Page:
The Curse Of La Llorona Is Based On A Mexican Legend That People Still Believe In

Photo: courtesy of WArner Bros Pictures.
Move over, Moaning Myrtle — the landscape of weeping ghosts in pop culture just got even more crowded thanks to The Curse of La Llorona, out April 19. The latest addition to The Conjuring horror movie universe is inspired by the famous Mexican legend of La Llorona, which translates to "the Wailing Woman" in English.
Beware: If you hang out near the lakes or crossroads in Mexico, you might see La Llorona's long black hair and gauzy white gown. More likely, though, you'll hear her, because La Llorona wails as she searches for her drowned children.
The myth of La Llorona has been a part of the culture of Mexico and the Southwest since the days of the 16th-century conquistadors. There are many variations to the story, but the legend broadly says that La Llorona was once a startlingly beautiful woman named Maria. Maria caught the eye of a wealthy Spaniard. He gave her two sons, but wouldn't commit. Eventually, Maria caught him strolling with a wealthy woman. He ignored his indigenous family completely. Full of rage, Maria drowned her two sons — then immediately regretted it. She wailed, she grieved, she screamed down the streets. Finally, she drowned herself, too.
Death didn't provide relief for La Llorona. Until she finds her sons and her spirit can rest, she's consigned to trailing river beds and forests. And until then, any children will do. La Llorona sightings have occurred everywhere from San Antonio, TX to the streets of Chicago and juvenile halls.
"The curse of La Llorona is something we grow up with," Patricia Velazquez, who stars in the movie, told Moviefone, adding that she certainly believed in the legend growing up in Venezuela.
The chilling story of La Llorona also holds a social function. "It's a cautionary tale that parents invoke for children. Stay away from the river. Don't get too close. Don't go out after dark," Dr. Anna Ochoa O'Leary, associate professor in the Mexican American Studies department, told KGun9.
La Llorona stays with people far into adulthood. Reddit is teeming with stories of people who believe they heard La Llorona's wailing at some point during their childhoods.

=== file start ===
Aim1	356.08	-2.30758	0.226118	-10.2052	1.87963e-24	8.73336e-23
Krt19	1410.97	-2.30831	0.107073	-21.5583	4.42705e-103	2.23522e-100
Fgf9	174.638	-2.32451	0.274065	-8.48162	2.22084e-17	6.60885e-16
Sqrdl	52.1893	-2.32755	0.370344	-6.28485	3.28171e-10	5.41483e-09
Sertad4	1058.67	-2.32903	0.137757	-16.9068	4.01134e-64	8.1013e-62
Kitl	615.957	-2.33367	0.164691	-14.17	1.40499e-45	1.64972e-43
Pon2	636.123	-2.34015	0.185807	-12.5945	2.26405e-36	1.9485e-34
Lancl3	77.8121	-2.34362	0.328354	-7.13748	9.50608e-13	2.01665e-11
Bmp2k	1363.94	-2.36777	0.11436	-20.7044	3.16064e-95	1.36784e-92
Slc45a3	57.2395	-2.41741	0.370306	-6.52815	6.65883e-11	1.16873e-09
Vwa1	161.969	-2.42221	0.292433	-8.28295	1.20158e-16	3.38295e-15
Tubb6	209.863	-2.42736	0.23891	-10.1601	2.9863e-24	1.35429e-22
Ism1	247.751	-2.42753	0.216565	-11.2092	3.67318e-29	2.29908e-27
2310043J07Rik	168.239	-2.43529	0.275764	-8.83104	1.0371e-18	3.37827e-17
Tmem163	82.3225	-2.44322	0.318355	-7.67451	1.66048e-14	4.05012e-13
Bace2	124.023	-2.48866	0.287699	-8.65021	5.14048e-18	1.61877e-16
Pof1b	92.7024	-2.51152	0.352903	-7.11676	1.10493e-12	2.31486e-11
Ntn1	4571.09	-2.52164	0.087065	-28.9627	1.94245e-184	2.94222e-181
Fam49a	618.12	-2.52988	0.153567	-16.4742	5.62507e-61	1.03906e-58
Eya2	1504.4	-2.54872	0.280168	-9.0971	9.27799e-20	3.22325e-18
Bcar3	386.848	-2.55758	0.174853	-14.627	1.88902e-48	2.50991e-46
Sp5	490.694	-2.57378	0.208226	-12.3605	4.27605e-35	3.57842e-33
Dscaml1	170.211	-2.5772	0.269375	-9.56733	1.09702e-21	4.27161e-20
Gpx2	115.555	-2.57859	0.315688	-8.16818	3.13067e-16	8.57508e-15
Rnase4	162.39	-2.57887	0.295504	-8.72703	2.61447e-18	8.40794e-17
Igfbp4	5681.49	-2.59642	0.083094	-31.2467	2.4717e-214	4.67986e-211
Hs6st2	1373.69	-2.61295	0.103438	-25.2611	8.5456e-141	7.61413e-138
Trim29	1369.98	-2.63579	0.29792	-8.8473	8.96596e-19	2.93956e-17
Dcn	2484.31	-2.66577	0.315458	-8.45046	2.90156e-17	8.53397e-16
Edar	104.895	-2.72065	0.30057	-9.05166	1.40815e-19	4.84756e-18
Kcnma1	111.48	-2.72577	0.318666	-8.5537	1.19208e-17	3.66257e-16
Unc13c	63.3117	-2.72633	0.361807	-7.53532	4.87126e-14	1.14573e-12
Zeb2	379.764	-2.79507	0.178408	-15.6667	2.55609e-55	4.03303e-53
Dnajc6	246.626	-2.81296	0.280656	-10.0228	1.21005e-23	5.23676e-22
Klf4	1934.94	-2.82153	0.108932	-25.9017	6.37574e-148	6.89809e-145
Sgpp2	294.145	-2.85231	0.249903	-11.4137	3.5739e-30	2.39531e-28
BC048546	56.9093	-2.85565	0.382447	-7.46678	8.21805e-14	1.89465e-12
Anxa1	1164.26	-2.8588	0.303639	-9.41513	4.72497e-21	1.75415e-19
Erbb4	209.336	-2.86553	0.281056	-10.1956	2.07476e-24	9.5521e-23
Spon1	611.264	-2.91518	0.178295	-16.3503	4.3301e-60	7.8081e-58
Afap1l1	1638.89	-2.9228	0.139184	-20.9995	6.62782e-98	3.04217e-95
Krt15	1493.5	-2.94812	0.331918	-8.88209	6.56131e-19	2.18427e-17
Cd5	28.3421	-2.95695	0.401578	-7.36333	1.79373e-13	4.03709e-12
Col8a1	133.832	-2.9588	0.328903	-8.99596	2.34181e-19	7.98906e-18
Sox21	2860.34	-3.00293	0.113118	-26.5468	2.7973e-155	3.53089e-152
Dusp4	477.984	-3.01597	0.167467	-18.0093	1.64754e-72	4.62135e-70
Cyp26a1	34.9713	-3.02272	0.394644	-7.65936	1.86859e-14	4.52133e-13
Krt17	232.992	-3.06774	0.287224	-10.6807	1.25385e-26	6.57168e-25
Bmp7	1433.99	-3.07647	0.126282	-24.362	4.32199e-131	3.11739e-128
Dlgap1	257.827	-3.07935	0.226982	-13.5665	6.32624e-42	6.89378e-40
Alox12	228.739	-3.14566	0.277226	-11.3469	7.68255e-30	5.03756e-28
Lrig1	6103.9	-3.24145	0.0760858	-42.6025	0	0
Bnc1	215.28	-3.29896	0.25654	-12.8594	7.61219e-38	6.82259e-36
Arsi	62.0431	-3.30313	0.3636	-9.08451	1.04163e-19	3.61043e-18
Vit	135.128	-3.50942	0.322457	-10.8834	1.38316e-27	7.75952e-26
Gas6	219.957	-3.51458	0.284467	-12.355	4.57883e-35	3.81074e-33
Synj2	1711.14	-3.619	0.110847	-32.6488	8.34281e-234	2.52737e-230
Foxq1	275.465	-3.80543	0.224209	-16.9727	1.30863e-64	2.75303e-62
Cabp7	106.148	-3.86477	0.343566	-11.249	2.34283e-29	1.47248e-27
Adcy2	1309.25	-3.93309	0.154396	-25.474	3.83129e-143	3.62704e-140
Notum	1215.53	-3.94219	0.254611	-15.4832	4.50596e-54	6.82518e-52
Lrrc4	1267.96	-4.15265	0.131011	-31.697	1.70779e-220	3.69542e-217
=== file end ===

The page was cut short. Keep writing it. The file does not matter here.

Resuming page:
"It sure is one of the most disturbing memories I have of my childhood that I've got no explanation for," reddit user portablecabbage wrote. "Here we are, two fifth graders strolling home without a care in the world, talking about one thing and the next in the pitch black of night. Then, I shit you not, from the dark houses in the distance, both [my cousin] and I hear the most blood-curdling scream I've ever heard. The strangest thing was, never once did I feel genuinely scared. Even my cousin was acting as if it was the most normal thing in the world. We both knew it could not be a recording, yet neither of us panicked."
In r/Paranormal, one man recounts being up late with his infant son when he hears a strange noise. "I can hear someone. Someone crying, weeping and moaning like a woman grieving somebody close who has just passed...I jolt awake. I spin around fast and that's when I see her. She's tall, dressed in all black like she just came from a funeral," u/TJShuck wrote. "She is real!"
While the tale of La Llorona has been tied to the American Southwest region for 500 years, the myth's central trope — a scorned woman killing her children — is not unique. It dates back to the ancient Greek myth of Jason and Medea. As the story goes, Jason brings Medea, a witch from Colchis on the Black Sea, back to his home in Corinth. When Jason leaves Medea for a younger princess, Medea murders their two sons "to get at [Jason's] heart."
Unlike Maria, who turns into a ghost, Medea successfully flees on a chariot sent by a god in Euripides' version of the drama. Essentially, she gets away with it. Euripides may have looked at Medea's situation with sympathy. After enduring years of oppression in a male-dominated society and being treated as a second-class citizen for her Asian roots, Medea escapes.
La Llorona and Medea are indigenous women who, after experiencing deep betrayal from men, become so wrathful they no longer experience fear. "Both women alienate themselves from their worlds for their men, both grow jealous and then rage and act in defiance,” historian Gregorio Luke told the Long Beach Press Telegram in 2011.
Beyond the glaring similarities of La Llorona and Medea, the figure of a wailing woman in white appears throughout world mythology — but only La Llorona haunted the movie set.
“We did have some creepy supernatural occurrences," the director Michael Chaves told the L.A. Times. "Half the crew actually does believe the house that we shot in was haunted, and there might have been something to that."

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